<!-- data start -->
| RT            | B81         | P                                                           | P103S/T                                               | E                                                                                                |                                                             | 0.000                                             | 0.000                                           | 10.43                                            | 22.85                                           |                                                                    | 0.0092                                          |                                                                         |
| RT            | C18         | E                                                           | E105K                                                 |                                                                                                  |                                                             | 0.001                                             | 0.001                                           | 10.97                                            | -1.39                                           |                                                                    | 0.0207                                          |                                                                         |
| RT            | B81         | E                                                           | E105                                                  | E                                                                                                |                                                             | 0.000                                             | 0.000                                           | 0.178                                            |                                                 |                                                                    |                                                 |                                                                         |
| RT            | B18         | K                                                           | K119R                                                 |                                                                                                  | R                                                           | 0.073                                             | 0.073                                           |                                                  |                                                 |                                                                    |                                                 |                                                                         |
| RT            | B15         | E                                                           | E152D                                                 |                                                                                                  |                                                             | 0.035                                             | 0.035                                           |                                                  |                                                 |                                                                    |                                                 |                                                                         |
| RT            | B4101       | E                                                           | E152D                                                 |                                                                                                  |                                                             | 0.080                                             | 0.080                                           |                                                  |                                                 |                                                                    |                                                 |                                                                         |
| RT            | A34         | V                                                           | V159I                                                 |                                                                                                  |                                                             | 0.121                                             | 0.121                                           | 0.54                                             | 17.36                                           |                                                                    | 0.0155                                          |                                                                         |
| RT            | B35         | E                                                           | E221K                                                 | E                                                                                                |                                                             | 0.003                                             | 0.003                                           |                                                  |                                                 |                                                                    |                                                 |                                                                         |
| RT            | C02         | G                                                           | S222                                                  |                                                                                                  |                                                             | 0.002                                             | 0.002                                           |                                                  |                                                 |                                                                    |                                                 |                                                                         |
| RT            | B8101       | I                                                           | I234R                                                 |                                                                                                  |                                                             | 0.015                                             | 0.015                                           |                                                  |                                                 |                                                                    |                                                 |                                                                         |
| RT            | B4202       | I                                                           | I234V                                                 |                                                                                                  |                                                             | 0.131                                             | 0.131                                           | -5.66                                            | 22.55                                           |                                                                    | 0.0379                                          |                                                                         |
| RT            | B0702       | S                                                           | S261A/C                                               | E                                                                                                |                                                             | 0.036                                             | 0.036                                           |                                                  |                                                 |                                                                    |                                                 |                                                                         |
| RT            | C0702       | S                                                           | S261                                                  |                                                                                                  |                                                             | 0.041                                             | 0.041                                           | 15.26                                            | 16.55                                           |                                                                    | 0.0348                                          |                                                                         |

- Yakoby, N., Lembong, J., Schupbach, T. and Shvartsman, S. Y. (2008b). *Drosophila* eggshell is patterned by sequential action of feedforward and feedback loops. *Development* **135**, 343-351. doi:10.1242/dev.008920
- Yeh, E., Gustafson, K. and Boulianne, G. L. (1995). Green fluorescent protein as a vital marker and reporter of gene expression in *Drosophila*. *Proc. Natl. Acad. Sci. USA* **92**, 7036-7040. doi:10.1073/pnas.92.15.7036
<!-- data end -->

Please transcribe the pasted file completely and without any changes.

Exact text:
| RT            | B81         | P                                                           | P103S/T                                               | E                                                                                                |                                                             | 0.000                                             | 0.000                                           | 10.43                                            | 22.85                                           |                                                                    | 0.0092                                          |                                                                         |
| RT            | C18         | E                                                           | E105K                                                 |                                                                                                  |                                                             | 0.001                                             | 0.001                                           | 10.97                                            | -1.39                                           |                                                                    | 0.0207                                          |                                                                         |
| RT            | B81         | E                                                           | E105                                                  | E                                                                                                |                                                             | 0.000                                             | 0.000                                           | 0.178                                            |                                                 |                                                                    |                                                 |                                                                         |
| RT            | B18         | K                                                           | K119R                                                 |                                                                                                  | R                                                           | 0.073                                             | 0.073                                           |                                                  |                                                 |                                                                    |                                                 |                                                                         |
| RT            | B15         | E                                                           | E152D                                                 |                                                                                                  |                                                             | 0.035                                             | 0.035                                           |                                                  |                                                 |                                                                    |                                                 |                                                                         |
| RT            | B4101       | E                                                           | E152D                                                 |                                                                                                  |                                                             | 0.080                                             | 0.080                                           |                                                  |                                                 |                                                                    |                                                 |                                                                         |
| RT            | A34         | V                                                           | V159I                                                 |                                                                                                  |                                                             | 0.121                                             | 0.121                                           | 0.54                                             | 17.36                                           |                                                                    | 0.0155                                          |                                                                         |
| RT            | B35         | E                                                           | E221K                                                 | E                                                                                                |                                                             | 0.003                                             | 0.003                                           |                                                  |                                                 |                                                                    |                                                 |                                                                         |
| RT            | C02         | G                                                           | S222                                                  |                                                                                                  |                                                             | 0.002                                             | 0.002                                           |                                                  |                                                 |                                                                    |                                                 |                                                                         |
| RT            | B8101       | I                                                           | I234R                                                 |                                                                                                  |                                                             | 0.015                                             | 0.015                                           |                                                  |                                                 |                                                                    |                                                 |                                                                         |
| RT            | B4202       | I                                                           | I234V                                                 |                                                                                                  |                                                             | 0.131                                             | 0.131                                           | -5.66                                            | 22.55                                           |                                                                    | 0.0379                                          |                                                                         |
| RT            | B0702       | S                                                           | S261A/C                                               | E                                                                                                |                                                             | 0.036                                             | 0.036                                           |                                                  |                                                 |                                                                    |                                                 |                                                                         |
| RT            | C0702       | S                                                           | S261                                                  |                                                                                                  |                                                             | 0.041                                             | 0.041                                           | 15.26                                            | 16.55                                           |                                                                    | 0.0348                                          |                                                                         |

- Yakoby, N., Lembong, J., Schupbach, T. and Shvartsman, S. Y. (2008b). *Drosophila* eggshell is patterned by sequential action of feedforward and feedback loops. *Development* **135**, 343-351. doi:10.1242/dev.008920
- Yeh, E., Gustafson, K. and Boulianne, G. L. (1995). Green fluorescent protein as a vital marker and reporter of gene expression in *Drosophila*. *Proc. Natl. Acad. Sci. USA* **92**, 7036-7040. doi:10.1073/pnas.92.15.7036